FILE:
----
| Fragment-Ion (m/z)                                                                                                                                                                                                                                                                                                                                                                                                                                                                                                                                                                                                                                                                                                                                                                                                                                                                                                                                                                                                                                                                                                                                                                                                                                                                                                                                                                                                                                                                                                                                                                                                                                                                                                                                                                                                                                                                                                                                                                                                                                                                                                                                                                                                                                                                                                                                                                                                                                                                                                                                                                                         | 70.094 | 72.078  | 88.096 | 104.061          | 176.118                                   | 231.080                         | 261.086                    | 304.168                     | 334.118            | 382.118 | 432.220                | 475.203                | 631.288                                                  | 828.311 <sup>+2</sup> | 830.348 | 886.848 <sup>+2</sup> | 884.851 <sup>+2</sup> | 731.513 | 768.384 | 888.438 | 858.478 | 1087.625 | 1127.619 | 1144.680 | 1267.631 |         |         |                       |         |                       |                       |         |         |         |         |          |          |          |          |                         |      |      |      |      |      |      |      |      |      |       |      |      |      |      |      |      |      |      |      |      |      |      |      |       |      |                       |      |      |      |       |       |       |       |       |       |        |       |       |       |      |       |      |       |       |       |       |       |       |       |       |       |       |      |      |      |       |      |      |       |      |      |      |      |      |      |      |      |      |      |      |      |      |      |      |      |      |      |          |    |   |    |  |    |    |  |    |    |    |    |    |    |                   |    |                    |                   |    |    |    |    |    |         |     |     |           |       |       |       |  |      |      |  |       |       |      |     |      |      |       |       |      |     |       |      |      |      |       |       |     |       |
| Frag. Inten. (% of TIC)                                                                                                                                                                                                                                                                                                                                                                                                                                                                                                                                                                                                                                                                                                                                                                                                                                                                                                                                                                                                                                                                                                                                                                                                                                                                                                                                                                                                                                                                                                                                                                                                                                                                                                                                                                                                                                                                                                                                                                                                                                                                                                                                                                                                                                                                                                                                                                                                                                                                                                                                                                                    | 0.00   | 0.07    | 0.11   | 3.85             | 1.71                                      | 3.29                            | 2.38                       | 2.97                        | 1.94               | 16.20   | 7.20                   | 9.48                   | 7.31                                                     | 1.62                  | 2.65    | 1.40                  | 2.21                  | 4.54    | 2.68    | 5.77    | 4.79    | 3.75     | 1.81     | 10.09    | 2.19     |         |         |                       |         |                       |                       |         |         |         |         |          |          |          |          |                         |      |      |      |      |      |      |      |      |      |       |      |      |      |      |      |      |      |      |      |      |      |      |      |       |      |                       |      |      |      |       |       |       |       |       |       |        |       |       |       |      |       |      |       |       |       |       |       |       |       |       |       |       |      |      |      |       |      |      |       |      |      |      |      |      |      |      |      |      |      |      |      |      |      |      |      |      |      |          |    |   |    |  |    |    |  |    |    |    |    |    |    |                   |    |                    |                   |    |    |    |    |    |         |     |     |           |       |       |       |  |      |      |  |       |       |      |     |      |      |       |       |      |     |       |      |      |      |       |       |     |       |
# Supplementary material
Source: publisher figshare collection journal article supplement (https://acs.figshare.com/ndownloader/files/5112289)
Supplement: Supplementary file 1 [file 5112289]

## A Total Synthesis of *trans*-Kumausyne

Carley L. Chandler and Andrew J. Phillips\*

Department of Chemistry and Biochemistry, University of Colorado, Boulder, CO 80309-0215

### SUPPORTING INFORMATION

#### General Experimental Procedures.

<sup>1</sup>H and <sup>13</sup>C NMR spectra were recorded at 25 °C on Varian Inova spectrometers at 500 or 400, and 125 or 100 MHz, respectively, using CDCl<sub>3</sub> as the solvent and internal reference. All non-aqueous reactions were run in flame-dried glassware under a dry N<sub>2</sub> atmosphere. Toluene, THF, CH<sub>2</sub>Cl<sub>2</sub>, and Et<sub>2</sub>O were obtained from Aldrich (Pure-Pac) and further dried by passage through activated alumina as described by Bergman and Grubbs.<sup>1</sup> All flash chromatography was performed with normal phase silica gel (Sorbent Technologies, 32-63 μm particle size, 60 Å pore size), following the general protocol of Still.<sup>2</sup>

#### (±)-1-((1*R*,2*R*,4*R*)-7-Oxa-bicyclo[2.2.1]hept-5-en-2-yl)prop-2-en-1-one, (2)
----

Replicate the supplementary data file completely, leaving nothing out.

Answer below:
| Fragment-Ion (m/z)                                                                                                                                                                                                                                                                                                                                                                                                                                                                                                                                                                                                                                                                                                                                                                                                                                                                                                                                                                                                                                                                                                                                                                                                                                                                                                                                                                                                                                                                                                                                                                                                                                                                                                                                                                                                                                                                                                                                                                                                                                                                                                                                                                                                                                                                                                                                                                                                                                                                                                                                                                                         | 70.094 | 72.078  | 88.096 | 104.061          | 176.118                                   | 231.080                         | 261.086                    | 304.168                     | 334.118            | 382.118 | 432.220                | 475.203                | 631.288                                                  | 828.311 <sup>+2</sup> | 830.348 | 886.848 <sup>+2</sup> | 884.851 <sup>+2</sup> | 731.513 | 768.384 | 888.438 | 858.478 | 1087.625 | 1127.619 | 1144.680 | 1267.631 |         |         |                       |         |                       |                       |         |         |         |         |          |          |          |          |                         |      |      |      |      |      |      |      |      |      |       |      |      |      |      |      |      |      |      |      |      |      |      |      |       |      |                       |      |      |      |       |       |       |       |       |       |        |       |       |       |      |       |      |       |       |       |       |       |       |       |       |       |       |      |      |      |       |      |      |       |      |      |      |      |      |      |      |      |      |      |      |      |      |      |      |      |      |      |          |    |   |    |  |    |    |  |    |    |    |    |    |    |                   |    |                    |                   |    |    |    |    |    |         |     |     |           |       |       |       |  |      |      |  |       |       |      |     |      |      |       |       |      |     |       |      |      |      |       |       |     |       |
| Frag. Inten. (% of TIC)                                                                                                                                                                                                                                                                                                                                                                                                                                                                                                                                                                                                                                                                                                                                                                                                                                                                                                                                                                                                                                                                                                                                                                                                                                                                                                                                                                                                                                                                                                                                                                                                                                                                                                                                                                                                                                                                                                                                                                                                                                                                                                                                                                                                                                                                                                                                                                                                                                                                                                                                                                                    | 0.00   | 0.07    | 0.11   | 3.85             | 1.71                                      | 3.29                            | 2.38                       | 2.97                        | 1.94               | 16.20   | 7.20                   | 9.48                   | 7.31                                                     | 1.62                  | 2.65    | 1.40                  | 2.21                  | 4.54    | 2.68    | 5.77    | 4.79    | 3.75     | 1.81     | 10.09    | 2.19     |         |         |                       |         |                       |                       |         |         |         |         |          |          |          |          |                         |      |      |      |      |      |      |      |      |      |       |      |      |      |      |      |      |      |      |      |      |      |      |      |       |      |                       |      |      |      |       |       |       |       |       |       |        |       |       |       |      |       |      |       |       |       |       |       |       |       |       |       |       |      |      |      |       |      |      |       |      |      |      |      |      |      |      |      |      |      |      |      |      |      |      |      |      |      |          |    |   |    |  |    |    |  |    |    |    |    |    |    |                   |    |                    |                   |    |    |    |    |    |         |     |     |           |       |       |       |  |      |      |  |       |       |      |     |      |      |       |       |      |     |       |      |      |      |       |       |     |       |
# Supplementary material
Source: publisher figshare collection journal article supplement (https://acs.figshare.com/ndownloader/files/5112289)
Supplement: Supplementary file 1 [file 5112289]

## A Total Synthesis of *trans*-Kumausyne

Carley L. Chandler and Andrew J. Phillips\*

Department of Chemistry and Biochemistry, University of Colorado, Boulder, CO 80309-0215

### SUPPORTING INFORMATION

#### General Experimental Procedures.

<sup>1</sup>H and <sup>13</sup>C NMR spectra were recorded at 25 °C on Varian Inova spectrometers at 500 or 400, and 125 or 100 MHz, respectively, using CDCl<sub>3</sub> as the solvent and internal reference. All non-aqueous reactions were run in flame-dried glassware under a dry N<sub>2</sub> atmosphere. Toluene, THF, CH<sub>2</sub>Cl<sub>2</sub>, and Et<sub>2</sub>O were obtained from Aldrich (Pure-Pac) and further dried by passage through activated alumina as described by Bergman and Grubbs.<sup>1</sup> All flash chromatography was performed with normal phase silica gel (Sorbent Technologies, 32-63 μm particle size, 60 Å pore size), following the general protocol of Still.<sup>2</sup>

#### (±)-1-((1*R*,2*R*,4*R*)-7-Oxa-bicyclo[2.2.1]hept-5-en-2-yl)prop-2-en-1-one, (2)